Around 130 BCE, at the time of Zhang Qian's embassy to Central Asia, the Dayuan were described as inhabitants of a region corresponding to the Ferghana, to the west of the Chinese empire.
www.goupstate.com /apps/pbcs.dll/section?category=NEWS&template=wiki&text=Ta-Yuan   (1707 words)

 Tell el-Far'ah - Archaeology Timeline
The attempted revolt of Josiah's son Jehoiakim in 600 BCE against the Babylonians resulted in the destruction of Judah and began the forced exile of its elite to Babylon; thus beginning the period of the Babylonian Exile.
In 539 BCE Cyrus II entered Babylon, thus ending the period of the Babylonian exile and ushering in a new period of prosperity and reconstruction within the region of the Eastern Mediterranean under the Persians.
This alliance was renewed again in 139 BCE and because of intermittent Roman activity in the orient, the stage was set for the entrance of Roman general Pompée between 66-62 BCE.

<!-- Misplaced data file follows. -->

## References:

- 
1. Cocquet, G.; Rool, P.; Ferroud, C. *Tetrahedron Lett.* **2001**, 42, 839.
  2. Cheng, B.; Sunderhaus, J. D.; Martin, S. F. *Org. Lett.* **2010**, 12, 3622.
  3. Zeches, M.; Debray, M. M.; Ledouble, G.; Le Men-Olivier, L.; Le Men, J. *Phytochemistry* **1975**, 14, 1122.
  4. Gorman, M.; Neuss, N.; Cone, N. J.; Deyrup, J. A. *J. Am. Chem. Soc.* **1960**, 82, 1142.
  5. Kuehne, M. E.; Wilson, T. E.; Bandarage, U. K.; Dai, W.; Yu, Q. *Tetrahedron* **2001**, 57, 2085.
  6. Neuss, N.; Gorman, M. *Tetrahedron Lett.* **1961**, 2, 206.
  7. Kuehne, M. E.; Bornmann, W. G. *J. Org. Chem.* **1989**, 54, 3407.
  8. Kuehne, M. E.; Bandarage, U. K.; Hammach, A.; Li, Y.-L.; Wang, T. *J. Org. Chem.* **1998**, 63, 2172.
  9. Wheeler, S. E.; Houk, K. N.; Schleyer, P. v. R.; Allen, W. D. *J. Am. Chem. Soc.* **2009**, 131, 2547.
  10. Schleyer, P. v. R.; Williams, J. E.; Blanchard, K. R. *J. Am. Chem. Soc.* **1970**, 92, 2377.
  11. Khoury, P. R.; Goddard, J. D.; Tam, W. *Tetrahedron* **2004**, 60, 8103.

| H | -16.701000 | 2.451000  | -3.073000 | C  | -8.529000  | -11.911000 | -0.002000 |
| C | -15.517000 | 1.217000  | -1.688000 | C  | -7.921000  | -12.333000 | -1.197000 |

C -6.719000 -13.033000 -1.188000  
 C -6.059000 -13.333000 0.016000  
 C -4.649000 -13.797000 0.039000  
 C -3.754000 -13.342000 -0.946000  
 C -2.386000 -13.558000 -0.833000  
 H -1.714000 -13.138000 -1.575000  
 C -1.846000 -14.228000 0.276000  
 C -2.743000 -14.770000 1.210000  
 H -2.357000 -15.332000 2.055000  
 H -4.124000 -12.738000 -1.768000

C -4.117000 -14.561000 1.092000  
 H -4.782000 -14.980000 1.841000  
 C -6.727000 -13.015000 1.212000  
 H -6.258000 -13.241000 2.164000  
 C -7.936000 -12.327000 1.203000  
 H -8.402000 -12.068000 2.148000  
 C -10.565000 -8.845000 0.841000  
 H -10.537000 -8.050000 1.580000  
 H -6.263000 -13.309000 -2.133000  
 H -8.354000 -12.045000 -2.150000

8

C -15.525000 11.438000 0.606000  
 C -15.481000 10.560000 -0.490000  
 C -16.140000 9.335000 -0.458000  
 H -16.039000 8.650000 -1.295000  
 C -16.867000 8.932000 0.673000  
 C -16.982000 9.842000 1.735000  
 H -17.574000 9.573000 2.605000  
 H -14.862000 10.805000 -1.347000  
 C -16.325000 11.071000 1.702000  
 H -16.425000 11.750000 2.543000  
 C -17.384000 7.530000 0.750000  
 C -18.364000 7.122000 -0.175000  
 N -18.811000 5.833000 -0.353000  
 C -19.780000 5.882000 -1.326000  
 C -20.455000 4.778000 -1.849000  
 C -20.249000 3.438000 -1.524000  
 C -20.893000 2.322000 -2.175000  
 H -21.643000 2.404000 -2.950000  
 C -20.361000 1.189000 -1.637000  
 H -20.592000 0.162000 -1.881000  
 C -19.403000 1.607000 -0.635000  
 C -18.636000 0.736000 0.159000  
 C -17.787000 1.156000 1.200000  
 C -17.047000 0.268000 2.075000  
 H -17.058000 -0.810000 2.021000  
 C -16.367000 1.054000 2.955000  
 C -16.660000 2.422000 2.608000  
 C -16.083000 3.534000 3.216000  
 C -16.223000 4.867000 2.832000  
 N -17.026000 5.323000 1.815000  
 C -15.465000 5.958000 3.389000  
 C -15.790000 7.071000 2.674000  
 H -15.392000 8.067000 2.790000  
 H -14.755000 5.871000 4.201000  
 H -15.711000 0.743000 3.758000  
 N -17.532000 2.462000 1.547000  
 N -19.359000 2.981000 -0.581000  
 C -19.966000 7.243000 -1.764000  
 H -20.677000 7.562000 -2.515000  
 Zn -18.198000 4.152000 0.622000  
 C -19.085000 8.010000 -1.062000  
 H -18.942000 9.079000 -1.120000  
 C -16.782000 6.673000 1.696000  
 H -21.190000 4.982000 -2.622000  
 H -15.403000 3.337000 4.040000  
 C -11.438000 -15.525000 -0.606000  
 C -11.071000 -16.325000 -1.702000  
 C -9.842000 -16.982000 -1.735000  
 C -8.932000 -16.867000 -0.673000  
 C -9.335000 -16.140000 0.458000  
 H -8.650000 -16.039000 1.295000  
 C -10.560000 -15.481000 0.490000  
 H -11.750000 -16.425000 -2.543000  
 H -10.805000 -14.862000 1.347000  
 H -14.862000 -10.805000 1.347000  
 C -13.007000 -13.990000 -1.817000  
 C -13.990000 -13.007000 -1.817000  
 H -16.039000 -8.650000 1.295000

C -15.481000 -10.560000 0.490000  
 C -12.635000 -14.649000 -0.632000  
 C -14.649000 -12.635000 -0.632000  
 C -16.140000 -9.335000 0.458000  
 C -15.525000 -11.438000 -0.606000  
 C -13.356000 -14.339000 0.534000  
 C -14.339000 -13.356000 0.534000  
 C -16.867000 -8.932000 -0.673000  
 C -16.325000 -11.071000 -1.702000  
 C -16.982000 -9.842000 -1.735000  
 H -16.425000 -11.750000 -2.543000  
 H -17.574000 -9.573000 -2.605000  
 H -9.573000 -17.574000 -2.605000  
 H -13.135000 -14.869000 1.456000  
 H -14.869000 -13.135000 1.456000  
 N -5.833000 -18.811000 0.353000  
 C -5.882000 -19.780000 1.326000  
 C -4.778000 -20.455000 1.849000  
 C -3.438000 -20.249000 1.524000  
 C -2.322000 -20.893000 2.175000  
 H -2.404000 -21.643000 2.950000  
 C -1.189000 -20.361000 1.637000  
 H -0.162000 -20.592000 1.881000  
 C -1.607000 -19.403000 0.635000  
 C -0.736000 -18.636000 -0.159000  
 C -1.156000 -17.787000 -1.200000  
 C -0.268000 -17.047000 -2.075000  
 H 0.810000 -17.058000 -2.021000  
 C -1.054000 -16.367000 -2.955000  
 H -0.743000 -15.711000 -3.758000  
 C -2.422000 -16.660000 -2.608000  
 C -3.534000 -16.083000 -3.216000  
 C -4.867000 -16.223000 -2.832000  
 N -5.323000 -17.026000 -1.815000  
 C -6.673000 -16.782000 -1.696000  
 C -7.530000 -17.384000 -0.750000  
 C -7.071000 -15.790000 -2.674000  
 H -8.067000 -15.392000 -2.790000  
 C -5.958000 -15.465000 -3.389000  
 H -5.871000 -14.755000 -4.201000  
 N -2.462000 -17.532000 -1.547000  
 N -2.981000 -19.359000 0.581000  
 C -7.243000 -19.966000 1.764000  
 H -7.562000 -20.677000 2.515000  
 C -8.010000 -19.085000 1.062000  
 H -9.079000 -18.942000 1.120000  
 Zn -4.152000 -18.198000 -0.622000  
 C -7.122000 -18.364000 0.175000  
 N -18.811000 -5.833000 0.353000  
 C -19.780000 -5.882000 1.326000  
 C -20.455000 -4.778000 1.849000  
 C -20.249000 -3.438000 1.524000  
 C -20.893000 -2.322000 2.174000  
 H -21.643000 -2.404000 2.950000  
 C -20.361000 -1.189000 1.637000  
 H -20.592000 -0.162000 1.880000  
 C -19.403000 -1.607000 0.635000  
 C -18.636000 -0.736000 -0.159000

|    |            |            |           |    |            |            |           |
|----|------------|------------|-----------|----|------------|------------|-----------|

farahsouth.cgu.edu /timeline/main.htm   (3466 words)

 Timarchus - Wikipedia, the free encyclopedia
Timarchus was a usurper in the Seleucid empire between 163-160 BCE.
In 162 BCE Demetrius I, the proper heir to the Seleucid throne, became king, killing Lysias as well as the young Antiochus V. This may well have been the provocation that caused Timarchus to take the final step to independence and declare himself king.
His forces were however not enough for the legal Seleucid king: Demetrius defeated and killed Timarchus in 160 BCE, and the Seleucid empire was temporarily united again.
en.wikipedia.org /wiki/Timarchus   (489 words)

 Table of Contents
He was awarded the Judean high-priesthood by Alexander Balas [152 BCE] and later rewarded with full control of Judean territory after he defeated Demetrius II [147 BCE].
After her death [67 BCE] he was deposed by his younger brother, Aristobulus, but with the support of Antipater he was restored to the high-priesthood after Roman forces wrested control of Jerusalem from his brother's aristocratic supporters [63 BCE].
He was supported by the Sadducees but was driven from Jerusalem [65 BCE] by Arab armies of Nabatea [Jordan], who came to his brother's aid at the invitation of Antipater.